14. "Things going on thus."
"Things going on thus." through ".in this dismal Place" (pages 121-127)
Crusoe makes plans to ambush the "savages" who sail to the island from the mainland to slaughter and cannibalize their victims. As he reflects on his plans, however, he realizes he is no place to judge the local inhabitants: "What Authority, or Call I had, to pretend to be the Judge and Executioner upon these Men as Criminals, whom Heaven had thought fit for so many Ages to suffer unpunish'd." Crusoe's reflections further lead him to decide that, since the natives had not harmed him, he would be guilty of no less a crime than the Spanish conquistadores were he to fight them. He will not attack the "savages," he resolves, unless they first attack him. Crusoe comes to regard this change in his attitude as yet another deliverance at the hands of Providence: a deliverance from sin.
Although Crusoe had purportedly made peace with his fear in the previous section, modern readers (more conditioned by what textual critics are fond of calling the "hermeneutic of suspicion") are no doubt likely to be struck by the extent to which the immediately succeeding portion of the narrative is preoccupied with the "savages." As noted in the Summary above, however, Crusoe does ultimately conclude that he is in no place to judge the native inhabitants of the island and the mainland-a conclusion he, perhaps, would not have been able to reach previously. Thus, the overall arc of Crusoe's reflections in this section may demonstrate further growth in his character; certainly, his indictment of Spain's treatment of natives in the "New World" is-if somewhat, by modern historical standards, lacking in perspective, given that Britain and all other imperial powers of the 16th through 18th centuries could be justly accused of similar crimes-an impassioned defense of rather than a fervent polemic against "savages" in the name of Christianity, and therefore noteworthy for its time. Crusoe's (and Defoe's?) excusal of Western European atrocities:-"these People were not Murtherers. any more than those Christians were Murtherers, who often put to Death the Prisoners taken in battle."-may jar 21st-century readers, but here again, the text's intent is to "equalize" the European and "savage" civilizations: Crusoe finds himself unable to sit in judgment upon the internecine warfare of this indigenous population because his home civilization acts in similar ways, fighting within itself. Similar standards of what is and is not acceptable must therefore apply. (Incidentally, readers familiar with Herman Melville's Moby Dick  might find a comparison of this passage with Ishamel's reflections upon the "pagan" Queegqueeg's religion profitable: like Defoe before him, Melville demonstrates an empathy for "the other," to use a modern sociological category, not usually considered characteristic of his era.)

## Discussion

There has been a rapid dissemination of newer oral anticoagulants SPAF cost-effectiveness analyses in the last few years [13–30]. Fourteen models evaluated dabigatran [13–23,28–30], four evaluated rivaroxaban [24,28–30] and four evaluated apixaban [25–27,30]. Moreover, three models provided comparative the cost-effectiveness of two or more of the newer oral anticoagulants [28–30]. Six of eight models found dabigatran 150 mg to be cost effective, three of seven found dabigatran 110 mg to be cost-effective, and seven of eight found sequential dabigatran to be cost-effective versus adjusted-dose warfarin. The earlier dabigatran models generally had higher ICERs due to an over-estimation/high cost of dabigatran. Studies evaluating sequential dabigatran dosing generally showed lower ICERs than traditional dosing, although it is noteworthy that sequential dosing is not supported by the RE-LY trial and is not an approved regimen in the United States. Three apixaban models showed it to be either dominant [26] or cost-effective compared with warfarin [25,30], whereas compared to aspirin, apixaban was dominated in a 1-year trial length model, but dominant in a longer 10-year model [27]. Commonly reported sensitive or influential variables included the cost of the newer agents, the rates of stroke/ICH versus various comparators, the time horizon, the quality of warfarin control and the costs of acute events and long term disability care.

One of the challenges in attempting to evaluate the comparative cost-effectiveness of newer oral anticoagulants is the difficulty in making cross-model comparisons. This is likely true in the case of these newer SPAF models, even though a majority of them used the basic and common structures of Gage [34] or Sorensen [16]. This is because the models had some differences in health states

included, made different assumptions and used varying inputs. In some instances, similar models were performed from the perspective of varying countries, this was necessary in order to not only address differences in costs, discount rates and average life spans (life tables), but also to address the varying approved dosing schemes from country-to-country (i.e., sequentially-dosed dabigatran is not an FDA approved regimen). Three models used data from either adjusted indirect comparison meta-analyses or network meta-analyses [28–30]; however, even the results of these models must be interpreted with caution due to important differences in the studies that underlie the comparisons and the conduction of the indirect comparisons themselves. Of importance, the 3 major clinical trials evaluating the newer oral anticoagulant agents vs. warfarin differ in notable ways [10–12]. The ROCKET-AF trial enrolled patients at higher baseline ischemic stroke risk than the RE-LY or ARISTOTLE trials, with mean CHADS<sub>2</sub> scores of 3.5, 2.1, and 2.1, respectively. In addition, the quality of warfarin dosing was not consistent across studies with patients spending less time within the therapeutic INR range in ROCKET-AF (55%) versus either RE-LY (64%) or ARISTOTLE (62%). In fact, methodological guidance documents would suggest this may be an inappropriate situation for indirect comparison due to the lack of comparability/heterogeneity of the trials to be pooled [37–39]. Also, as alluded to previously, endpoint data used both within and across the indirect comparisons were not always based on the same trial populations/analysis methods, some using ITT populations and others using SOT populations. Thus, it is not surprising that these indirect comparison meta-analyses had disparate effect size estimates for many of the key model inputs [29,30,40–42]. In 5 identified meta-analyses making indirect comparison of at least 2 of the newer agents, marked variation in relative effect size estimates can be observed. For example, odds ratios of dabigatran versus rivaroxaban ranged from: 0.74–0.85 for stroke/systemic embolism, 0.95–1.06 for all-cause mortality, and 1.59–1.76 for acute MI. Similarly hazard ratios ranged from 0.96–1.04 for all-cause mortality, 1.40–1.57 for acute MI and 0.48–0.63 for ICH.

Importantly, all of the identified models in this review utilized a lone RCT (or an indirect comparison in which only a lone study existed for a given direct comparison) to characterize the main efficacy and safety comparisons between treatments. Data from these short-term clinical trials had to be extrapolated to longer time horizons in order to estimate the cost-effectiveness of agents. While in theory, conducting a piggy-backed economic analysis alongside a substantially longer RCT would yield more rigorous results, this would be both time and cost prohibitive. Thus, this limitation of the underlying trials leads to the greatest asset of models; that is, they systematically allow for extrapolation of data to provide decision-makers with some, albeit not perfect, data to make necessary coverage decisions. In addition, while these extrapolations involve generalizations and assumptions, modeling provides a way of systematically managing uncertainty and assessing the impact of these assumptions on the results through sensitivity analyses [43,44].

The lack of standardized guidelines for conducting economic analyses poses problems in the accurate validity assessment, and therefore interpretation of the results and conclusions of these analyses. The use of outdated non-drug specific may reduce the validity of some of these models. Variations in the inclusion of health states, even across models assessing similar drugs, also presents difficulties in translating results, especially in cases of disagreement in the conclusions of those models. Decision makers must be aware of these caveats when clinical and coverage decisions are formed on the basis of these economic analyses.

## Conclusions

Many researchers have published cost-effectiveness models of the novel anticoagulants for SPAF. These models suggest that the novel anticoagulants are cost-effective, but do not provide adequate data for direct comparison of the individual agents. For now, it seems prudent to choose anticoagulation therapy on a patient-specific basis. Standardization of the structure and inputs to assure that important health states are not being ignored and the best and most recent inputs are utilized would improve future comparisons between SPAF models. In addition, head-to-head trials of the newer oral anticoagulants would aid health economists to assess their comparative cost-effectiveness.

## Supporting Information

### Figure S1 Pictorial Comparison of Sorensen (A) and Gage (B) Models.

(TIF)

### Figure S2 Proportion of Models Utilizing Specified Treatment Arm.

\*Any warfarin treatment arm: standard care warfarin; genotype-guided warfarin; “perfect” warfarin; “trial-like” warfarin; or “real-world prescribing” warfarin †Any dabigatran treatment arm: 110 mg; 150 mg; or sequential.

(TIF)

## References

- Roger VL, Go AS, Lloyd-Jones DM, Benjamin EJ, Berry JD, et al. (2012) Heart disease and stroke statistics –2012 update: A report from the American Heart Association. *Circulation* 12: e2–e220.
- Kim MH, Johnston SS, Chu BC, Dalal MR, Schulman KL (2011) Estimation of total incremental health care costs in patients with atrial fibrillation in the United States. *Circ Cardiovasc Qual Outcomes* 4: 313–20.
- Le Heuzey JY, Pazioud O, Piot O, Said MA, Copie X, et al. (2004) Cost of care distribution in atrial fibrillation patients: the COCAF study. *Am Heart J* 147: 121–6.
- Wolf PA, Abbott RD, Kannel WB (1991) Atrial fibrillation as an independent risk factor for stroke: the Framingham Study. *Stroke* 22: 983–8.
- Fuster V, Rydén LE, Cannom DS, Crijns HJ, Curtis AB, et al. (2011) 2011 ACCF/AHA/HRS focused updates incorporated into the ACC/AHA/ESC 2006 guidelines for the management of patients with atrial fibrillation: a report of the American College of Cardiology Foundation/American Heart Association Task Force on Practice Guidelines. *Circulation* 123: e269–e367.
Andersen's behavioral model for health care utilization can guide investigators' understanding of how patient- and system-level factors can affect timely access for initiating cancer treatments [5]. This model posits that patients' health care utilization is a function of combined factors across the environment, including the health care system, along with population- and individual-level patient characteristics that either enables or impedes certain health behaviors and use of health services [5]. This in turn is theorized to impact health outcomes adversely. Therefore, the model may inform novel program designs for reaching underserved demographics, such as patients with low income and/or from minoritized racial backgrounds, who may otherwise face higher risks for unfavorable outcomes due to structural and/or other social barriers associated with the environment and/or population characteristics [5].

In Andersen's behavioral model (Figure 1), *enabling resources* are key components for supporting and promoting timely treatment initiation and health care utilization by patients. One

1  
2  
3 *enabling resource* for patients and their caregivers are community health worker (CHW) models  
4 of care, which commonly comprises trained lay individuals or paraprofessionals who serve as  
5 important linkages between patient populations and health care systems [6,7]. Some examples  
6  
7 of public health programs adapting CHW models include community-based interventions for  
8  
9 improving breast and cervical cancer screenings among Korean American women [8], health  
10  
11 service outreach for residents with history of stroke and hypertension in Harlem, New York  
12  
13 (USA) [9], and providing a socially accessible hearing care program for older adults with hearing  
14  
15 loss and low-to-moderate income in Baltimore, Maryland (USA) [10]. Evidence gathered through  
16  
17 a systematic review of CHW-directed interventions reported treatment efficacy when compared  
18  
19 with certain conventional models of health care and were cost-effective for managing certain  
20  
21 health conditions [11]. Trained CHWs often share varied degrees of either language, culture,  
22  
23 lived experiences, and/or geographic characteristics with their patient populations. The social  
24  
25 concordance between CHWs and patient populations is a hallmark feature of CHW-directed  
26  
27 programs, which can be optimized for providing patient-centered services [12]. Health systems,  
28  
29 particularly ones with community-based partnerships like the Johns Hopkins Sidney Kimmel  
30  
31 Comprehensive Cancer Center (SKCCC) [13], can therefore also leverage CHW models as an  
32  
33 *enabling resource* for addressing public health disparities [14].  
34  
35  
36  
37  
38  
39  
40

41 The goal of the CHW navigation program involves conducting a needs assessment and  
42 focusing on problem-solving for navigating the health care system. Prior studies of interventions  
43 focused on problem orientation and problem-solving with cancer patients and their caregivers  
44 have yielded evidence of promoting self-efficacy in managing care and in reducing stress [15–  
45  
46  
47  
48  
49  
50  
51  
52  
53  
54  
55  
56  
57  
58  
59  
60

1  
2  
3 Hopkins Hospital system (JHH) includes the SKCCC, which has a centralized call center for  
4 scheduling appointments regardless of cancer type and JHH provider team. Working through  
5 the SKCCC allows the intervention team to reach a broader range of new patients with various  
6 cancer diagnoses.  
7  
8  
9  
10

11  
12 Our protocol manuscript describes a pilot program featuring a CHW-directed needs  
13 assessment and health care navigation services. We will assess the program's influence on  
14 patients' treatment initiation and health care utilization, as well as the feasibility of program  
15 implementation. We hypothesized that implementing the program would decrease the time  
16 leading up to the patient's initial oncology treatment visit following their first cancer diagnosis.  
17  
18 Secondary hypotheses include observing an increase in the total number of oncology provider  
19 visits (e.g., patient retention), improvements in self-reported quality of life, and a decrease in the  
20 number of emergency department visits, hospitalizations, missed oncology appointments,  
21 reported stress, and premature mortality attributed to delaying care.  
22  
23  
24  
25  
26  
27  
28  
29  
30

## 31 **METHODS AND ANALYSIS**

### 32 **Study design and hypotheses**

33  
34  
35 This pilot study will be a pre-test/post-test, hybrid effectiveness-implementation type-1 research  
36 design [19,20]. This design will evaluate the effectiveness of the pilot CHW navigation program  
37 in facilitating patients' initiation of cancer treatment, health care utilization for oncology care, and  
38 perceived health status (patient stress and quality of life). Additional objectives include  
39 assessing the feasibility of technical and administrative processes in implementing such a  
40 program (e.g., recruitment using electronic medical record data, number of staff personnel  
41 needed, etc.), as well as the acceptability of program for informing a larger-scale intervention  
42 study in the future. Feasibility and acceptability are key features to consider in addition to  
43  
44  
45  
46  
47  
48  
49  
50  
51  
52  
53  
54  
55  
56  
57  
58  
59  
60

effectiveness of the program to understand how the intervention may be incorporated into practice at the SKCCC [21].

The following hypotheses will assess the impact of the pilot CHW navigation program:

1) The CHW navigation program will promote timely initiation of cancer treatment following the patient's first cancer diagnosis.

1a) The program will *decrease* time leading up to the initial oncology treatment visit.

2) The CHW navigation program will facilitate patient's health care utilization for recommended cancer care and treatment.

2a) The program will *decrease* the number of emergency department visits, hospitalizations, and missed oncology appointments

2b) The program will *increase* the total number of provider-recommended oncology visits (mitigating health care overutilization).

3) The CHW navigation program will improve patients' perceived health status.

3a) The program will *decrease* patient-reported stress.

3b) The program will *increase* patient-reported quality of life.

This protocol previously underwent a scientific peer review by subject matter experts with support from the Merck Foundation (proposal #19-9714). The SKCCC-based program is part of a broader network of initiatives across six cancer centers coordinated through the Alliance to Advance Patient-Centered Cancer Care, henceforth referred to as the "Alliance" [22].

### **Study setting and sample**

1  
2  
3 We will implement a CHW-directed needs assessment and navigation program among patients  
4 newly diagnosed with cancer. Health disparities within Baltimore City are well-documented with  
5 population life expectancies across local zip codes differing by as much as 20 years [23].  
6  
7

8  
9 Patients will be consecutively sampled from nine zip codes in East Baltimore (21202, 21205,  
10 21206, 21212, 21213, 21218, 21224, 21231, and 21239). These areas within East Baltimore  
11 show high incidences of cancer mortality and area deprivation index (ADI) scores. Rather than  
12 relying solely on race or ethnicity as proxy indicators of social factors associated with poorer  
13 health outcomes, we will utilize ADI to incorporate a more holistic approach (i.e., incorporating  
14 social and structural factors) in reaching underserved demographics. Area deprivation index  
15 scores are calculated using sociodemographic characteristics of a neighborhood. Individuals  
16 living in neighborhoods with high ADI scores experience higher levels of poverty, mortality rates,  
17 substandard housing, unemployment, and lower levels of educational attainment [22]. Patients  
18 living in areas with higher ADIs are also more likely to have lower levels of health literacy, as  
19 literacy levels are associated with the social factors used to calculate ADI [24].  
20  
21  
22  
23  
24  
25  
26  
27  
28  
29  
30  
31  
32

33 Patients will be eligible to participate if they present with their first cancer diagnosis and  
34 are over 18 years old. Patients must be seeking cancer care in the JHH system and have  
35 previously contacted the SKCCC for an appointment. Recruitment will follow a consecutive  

The section both begins and concludes with Crusoe's moralistic, almost homiletical applications of his experience to his and his readers' lives: the initial lesson that people would be happier if they avoided comparing their state in life to that of others (a lesson Crusoe now, no doubt, wishes he had heeded in his youth); and the latter lesson, "How wonderfully we are deliver'd, when we know nothing of it." Here, of course, Crusoe refers not to physical deliverance from peril but to spiritual deliverance from sin. This moral would tend to reinforce a reading of the narrative assigning symbolic value to the island as a microcosm of the human experience.